Singh now brings out Solomon Hykes, CTO and Founder of Docker, to the stage. Hykes starts by reinforcing the key principles of the Docker platform: independence, openness, and simplicity. Hykes talks for a bit about simplicity, then switches his focus to talk about the “internals” of Docker. At the bottom of the Docker stack, we have the container runtime (runC and containerD). On top of the container runtime is orchestration (in the case of Docker, this is Swarm). On top of the orchestration you’ll find developer tools (like Docker Community Edition, also known as Docker CE). Finally, at the top, you have management services, which for Docker take the form of Docker Enterprise Edition (or Docker EE).

In talking about the process Docker uses to improve its platform, Hykes talks about the feedback from customers regarding orchestration. How does Docker (the company) handle integration versus choice? This leads Hykes to the announcement that the next version of Docker will natively support not only Swarm but also Kubernetes, and that native support will be tightly integrated with the Docker stack (i.e., Kubernetes and Swarm will be equally supported and integrated). Hykes reinforces that this is not a fork of Kubernetes, but native upstream Kubernetes in the Docker stack.

To talk a bit more about this, Hykes brings out Brendan Burns, one of the co-founders of the Kubernetes project (and now with Microsoft). Burns reinforces the “co-evolution” path that Docker and Kubernetes have been following, but fairly quickly transitions into talking about Microsoft Azure and Microsoft’s partnership with Docker.

Hykes returns to the stage to talk in more concrete terms about the integration of Kubernetes into the Docker stack. What does this look like, exactly? Docker will provide a way to test locally with Kubernetes, and will allow developers to continue to use all existing Docker tools instead of having to learn new Kubernetes tools. Developers are, of course, welcome to use Kubernetes tools.

To demonstrate how this works, Hykes brings out David Gageot to show the first demo of Kubernetes integrated into Docker. Gageot is using Docker for Mac, and he show how using standard tools like docker stack to deploy a sample application on Kubernetes. Gageot also shows how Kubernetes-standard tools like kubectl are also being extended to show “Docker” concepts like stacks.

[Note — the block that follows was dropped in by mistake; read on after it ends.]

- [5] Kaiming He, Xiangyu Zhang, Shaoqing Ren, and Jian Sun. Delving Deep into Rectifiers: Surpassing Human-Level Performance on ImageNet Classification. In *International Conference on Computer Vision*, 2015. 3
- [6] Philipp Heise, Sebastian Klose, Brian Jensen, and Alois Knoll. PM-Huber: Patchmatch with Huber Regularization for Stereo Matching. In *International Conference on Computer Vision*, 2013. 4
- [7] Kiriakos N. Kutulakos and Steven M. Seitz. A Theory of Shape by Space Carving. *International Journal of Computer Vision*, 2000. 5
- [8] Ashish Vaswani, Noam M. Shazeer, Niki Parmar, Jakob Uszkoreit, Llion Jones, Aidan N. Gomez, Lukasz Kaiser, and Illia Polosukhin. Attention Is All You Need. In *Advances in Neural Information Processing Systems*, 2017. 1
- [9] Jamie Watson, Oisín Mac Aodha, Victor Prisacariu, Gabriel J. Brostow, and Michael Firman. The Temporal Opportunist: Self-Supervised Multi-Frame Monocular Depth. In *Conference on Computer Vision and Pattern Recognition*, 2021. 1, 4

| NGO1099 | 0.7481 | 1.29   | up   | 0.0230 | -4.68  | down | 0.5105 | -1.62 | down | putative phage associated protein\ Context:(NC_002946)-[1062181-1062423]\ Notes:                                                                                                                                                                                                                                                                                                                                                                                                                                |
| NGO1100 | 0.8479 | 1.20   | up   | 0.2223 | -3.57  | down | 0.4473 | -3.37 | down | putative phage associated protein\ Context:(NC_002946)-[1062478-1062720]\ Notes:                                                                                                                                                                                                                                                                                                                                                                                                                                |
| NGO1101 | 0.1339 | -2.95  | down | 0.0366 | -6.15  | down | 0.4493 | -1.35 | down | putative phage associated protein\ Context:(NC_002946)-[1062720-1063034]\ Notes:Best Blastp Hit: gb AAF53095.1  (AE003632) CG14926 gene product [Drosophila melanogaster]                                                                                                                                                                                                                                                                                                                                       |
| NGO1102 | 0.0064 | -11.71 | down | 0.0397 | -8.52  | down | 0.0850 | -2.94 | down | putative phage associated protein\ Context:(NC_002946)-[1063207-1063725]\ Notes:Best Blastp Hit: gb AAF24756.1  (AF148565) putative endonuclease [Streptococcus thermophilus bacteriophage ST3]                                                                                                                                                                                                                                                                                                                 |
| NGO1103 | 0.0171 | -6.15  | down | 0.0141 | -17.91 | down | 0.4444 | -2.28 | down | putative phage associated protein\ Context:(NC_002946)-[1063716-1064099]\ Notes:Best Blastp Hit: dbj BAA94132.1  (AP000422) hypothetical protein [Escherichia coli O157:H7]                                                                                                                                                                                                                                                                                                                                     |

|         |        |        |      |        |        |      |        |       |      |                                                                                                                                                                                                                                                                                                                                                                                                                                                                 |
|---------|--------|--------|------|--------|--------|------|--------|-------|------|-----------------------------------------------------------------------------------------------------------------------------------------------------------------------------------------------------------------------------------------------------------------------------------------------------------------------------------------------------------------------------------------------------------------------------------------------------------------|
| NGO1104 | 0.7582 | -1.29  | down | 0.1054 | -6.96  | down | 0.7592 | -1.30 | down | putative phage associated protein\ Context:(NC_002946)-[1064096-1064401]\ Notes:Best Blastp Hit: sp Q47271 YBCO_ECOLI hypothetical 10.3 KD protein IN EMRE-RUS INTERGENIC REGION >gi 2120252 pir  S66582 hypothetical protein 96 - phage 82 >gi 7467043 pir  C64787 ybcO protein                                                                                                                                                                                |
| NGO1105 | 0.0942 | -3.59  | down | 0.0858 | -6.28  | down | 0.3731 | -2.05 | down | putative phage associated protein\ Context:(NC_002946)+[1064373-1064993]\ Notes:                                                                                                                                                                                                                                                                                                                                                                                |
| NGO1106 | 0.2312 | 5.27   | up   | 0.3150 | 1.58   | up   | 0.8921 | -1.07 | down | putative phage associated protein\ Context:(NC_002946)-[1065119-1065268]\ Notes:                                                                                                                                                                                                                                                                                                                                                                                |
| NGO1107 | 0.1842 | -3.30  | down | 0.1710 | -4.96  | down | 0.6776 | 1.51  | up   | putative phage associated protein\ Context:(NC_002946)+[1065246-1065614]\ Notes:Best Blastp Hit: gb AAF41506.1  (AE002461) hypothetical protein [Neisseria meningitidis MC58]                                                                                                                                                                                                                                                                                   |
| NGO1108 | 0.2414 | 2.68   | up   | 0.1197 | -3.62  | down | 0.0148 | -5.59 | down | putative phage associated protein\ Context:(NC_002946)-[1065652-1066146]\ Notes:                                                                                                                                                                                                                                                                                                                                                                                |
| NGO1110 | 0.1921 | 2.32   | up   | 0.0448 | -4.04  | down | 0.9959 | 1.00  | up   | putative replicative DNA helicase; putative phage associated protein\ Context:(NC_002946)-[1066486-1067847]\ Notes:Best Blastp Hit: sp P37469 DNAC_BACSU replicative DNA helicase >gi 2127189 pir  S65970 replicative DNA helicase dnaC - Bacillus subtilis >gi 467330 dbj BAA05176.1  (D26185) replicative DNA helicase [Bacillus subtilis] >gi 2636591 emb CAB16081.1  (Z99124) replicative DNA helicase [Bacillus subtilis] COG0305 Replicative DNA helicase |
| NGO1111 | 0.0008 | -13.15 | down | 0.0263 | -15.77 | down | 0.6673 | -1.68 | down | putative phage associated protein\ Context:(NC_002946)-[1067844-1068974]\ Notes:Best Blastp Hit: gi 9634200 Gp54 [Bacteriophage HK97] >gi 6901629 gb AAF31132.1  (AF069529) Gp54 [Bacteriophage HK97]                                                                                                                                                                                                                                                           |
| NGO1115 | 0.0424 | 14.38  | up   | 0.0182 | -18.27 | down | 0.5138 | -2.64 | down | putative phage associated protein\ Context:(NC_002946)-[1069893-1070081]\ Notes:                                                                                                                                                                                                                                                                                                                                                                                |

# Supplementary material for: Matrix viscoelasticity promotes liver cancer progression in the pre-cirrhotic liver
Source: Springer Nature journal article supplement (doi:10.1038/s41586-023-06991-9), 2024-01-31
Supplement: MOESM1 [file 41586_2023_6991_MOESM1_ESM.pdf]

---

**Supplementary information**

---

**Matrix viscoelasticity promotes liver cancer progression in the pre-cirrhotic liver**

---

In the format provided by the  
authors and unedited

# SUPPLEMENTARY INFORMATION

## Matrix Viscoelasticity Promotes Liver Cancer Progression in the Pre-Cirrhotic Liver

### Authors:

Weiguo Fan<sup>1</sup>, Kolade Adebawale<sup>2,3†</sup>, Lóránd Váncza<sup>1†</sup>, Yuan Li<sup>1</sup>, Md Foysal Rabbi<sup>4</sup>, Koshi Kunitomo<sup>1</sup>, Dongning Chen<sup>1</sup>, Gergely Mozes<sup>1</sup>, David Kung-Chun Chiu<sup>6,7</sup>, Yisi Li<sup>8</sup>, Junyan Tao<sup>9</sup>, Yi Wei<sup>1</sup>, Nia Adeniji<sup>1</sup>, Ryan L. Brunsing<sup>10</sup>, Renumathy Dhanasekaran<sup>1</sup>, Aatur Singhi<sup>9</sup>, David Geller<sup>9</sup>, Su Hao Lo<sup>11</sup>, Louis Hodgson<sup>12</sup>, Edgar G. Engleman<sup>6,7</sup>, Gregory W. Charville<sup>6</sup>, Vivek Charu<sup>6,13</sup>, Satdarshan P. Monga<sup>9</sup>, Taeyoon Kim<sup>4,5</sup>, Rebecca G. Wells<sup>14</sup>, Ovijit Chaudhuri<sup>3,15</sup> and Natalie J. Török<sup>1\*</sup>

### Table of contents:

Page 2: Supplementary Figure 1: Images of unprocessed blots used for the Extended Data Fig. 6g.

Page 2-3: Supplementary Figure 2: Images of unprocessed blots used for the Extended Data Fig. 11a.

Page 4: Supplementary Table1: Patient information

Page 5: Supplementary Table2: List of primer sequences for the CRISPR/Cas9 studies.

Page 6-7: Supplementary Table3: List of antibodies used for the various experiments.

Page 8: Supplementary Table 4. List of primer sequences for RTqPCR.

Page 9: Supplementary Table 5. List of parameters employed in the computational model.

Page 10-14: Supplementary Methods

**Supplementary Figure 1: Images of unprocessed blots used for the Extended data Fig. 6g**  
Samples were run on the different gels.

Hykes returns to the stage to talk about how Kubernetes is integrated with Docker EE for production. The next version of Docker EE will contain a full, upstream-compatible version of Kubernetes that sits right next to the Swarm support that Docker EE already possesses.

Hykes brings out Daniel Hiltgen an Alex Mavrogiannis to demonstrate the next version of Docker EE and its Kubernetes integration. Hiltgen and Mavrogiannis walk through the Kubernetes integration in Docker EE, and show how easy it is to switch between using standard Docker tools with Kubernetes or using standard Kubernetes commands to deploy against Kubernetes as part of Docker EE.

Hykes now returns to the stage, and reinforces that Docker (the company) has put a clear emphasis on making the integration seamless for users. Hykes reinforces that this isn’t a wrapper, it’s not a fork—and this took a great deal of effort and coordination with the Kubernetes community. Hykes says that this integration was made possible by the transition earlier this year (announced in Austin) to the Moby Project, which is the upstream open source project that then becomes the Docker CE and Docker EE products. Hykes shares show the various components of Moby (and ultimately Docker) have been integrating and collaborating with Kubernetes for almost a year.

At this point, Hykes introduces Tim Hockin from Google and brings him out to the stage. Hockin welcomes the Docker community to the Kubernetes community, but reiterates that this is more like a “family reunion” than anything else. Hockin reinforces that the Kubernetes integration shown by Docker this morning is “pure Kubernetes”; this isn’t a fork or a wrapper, as Hykes has mentioned several times already. Hockin talks for a bit about containerD and the Kubernetes Container Runtime Interface (CRI), and announces that the “cri-containerd” project has now reached alpha status (beta status expected later in the year or early next year). Hockin also points out that the Open Container Initiative (OCI) has switched to a more open governance model, which he feels is also very important. Hockin also makes brief reference to the Container Storage Interface (CSI), but doesn’t go into any details.

Hykes returns to the stage, takes a quick selfie with Hockin and Burns, and expresses his thanks and appreciation to all those who worked hard to make the Docker-Kubernetes integration possible.

At this point, Hykes wraps up the general session.